Cartoon courtesy of Hallmark A 67-year-old female, physically active as a competitive tennis player, came to the Clinic for consultation, complaining of right knee pain. She states she does not like the "grating sound" heard upon flexing her knee. A review of her medical history discloses she is a non-smoker and an occasional consumer of alcoholic beverages. She is otherwise in good health. She takes anti-inflammatory medications for her pain . She says she does not like all the sounds that the knee makes.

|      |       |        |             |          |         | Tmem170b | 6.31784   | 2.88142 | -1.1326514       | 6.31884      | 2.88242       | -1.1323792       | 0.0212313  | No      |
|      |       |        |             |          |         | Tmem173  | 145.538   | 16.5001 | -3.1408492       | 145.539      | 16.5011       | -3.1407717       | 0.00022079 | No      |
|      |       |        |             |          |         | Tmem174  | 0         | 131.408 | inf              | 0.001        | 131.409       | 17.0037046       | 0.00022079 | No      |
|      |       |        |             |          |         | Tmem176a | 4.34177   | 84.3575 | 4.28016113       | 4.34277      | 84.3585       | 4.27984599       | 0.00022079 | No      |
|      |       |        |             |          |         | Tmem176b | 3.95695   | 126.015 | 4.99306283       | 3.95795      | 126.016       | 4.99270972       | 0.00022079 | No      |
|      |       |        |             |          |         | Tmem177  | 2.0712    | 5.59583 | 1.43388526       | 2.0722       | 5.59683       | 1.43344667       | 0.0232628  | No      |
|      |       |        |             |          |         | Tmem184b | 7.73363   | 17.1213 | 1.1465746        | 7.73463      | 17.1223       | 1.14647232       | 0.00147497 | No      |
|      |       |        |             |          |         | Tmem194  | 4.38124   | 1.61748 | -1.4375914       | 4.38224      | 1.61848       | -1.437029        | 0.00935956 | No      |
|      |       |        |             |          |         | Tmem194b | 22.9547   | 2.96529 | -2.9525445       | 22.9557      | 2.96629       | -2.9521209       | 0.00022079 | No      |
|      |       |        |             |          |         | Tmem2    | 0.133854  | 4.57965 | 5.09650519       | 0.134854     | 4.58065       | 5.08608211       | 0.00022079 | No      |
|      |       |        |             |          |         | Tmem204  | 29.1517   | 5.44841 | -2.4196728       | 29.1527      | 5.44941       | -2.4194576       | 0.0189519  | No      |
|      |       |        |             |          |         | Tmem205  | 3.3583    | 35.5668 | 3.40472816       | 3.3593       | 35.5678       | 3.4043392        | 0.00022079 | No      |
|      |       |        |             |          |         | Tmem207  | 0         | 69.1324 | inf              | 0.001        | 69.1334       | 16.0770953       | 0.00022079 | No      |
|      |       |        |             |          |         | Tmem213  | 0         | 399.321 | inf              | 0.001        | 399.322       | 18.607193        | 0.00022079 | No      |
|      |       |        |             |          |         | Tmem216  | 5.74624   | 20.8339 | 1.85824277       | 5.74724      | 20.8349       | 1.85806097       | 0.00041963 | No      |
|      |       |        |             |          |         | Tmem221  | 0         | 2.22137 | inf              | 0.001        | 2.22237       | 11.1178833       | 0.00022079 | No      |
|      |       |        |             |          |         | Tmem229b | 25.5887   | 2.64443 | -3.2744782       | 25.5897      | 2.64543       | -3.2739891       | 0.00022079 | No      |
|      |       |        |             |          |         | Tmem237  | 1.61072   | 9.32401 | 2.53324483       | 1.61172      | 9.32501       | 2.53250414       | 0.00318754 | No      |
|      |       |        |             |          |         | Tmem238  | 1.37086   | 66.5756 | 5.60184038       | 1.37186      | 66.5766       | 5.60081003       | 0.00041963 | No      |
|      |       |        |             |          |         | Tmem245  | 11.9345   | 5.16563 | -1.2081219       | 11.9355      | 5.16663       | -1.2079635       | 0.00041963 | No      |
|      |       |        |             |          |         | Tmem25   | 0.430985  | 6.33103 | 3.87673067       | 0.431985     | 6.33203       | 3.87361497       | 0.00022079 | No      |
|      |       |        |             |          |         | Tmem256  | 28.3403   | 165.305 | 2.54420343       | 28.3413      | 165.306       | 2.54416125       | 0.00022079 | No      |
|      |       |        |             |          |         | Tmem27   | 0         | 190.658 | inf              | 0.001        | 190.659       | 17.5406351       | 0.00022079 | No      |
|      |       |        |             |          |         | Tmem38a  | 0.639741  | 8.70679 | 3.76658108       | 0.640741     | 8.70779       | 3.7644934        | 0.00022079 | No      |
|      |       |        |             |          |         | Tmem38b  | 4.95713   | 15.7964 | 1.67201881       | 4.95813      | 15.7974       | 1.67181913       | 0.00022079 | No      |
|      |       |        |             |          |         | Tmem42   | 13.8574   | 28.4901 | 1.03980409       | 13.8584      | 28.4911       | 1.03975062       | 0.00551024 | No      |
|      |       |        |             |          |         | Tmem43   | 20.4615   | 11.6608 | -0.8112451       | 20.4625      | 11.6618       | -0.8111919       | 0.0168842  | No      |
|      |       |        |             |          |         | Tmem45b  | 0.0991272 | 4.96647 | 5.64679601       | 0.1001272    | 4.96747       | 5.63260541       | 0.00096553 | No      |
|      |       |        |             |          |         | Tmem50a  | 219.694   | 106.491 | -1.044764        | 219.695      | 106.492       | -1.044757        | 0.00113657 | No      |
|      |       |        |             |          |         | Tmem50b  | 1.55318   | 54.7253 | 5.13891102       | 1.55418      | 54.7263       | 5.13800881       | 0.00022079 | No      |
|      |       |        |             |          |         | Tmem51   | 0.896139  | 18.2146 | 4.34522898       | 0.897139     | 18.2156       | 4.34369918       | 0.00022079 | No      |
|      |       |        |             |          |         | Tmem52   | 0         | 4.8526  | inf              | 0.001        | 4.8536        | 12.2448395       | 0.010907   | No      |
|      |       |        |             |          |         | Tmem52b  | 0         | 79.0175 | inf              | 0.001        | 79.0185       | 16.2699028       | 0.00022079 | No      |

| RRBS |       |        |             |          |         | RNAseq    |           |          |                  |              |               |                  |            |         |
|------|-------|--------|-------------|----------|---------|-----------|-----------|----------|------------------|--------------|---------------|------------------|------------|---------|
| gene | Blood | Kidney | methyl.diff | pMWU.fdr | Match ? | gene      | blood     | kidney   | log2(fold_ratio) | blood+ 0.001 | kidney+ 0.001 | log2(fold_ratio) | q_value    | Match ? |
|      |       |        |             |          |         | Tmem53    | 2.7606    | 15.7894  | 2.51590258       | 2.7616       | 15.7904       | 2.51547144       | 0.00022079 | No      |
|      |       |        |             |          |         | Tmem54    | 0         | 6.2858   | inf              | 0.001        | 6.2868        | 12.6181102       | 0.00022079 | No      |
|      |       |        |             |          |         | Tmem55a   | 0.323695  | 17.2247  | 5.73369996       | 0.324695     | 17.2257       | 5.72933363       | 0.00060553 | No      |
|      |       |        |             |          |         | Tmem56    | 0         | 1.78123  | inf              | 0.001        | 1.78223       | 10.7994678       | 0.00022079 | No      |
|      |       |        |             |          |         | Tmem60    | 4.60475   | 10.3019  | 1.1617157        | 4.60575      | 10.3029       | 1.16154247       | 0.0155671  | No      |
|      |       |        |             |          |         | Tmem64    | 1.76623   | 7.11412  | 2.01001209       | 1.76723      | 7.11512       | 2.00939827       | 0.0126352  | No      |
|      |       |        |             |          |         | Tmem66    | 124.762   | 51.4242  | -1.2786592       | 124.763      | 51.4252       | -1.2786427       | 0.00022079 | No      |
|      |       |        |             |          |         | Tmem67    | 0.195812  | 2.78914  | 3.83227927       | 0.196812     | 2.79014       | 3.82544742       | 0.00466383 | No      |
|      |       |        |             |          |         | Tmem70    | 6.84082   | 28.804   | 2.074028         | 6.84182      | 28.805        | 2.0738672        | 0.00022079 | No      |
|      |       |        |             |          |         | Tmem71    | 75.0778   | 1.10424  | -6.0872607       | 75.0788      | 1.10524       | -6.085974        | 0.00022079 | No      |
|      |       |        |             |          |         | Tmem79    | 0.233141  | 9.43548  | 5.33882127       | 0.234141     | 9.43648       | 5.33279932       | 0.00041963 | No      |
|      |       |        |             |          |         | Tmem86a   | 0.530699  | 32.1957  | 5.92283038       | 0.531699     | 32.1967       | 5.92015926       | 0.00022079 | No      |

Discussion: The patient experiences symptoms known as "Crepitus," a medical term describing grating, crackling or popping sounds. They can be accompanied by internally-experienced sensations of a scraping-like movement between joints beneath the skin surface. Crepitus can be created when two rough surfaces of the joints come into direct contact with each other, most commonly caused in the knee by the decrease or total absence of cushioning material between coordinating elements, like the femur and tibia The resulting noise and sensation are often experienced in the early stages of Osteoarthritis of the knee, and are normally due to a deterioration or absence of cartilage and meniscus in the knee joint structure.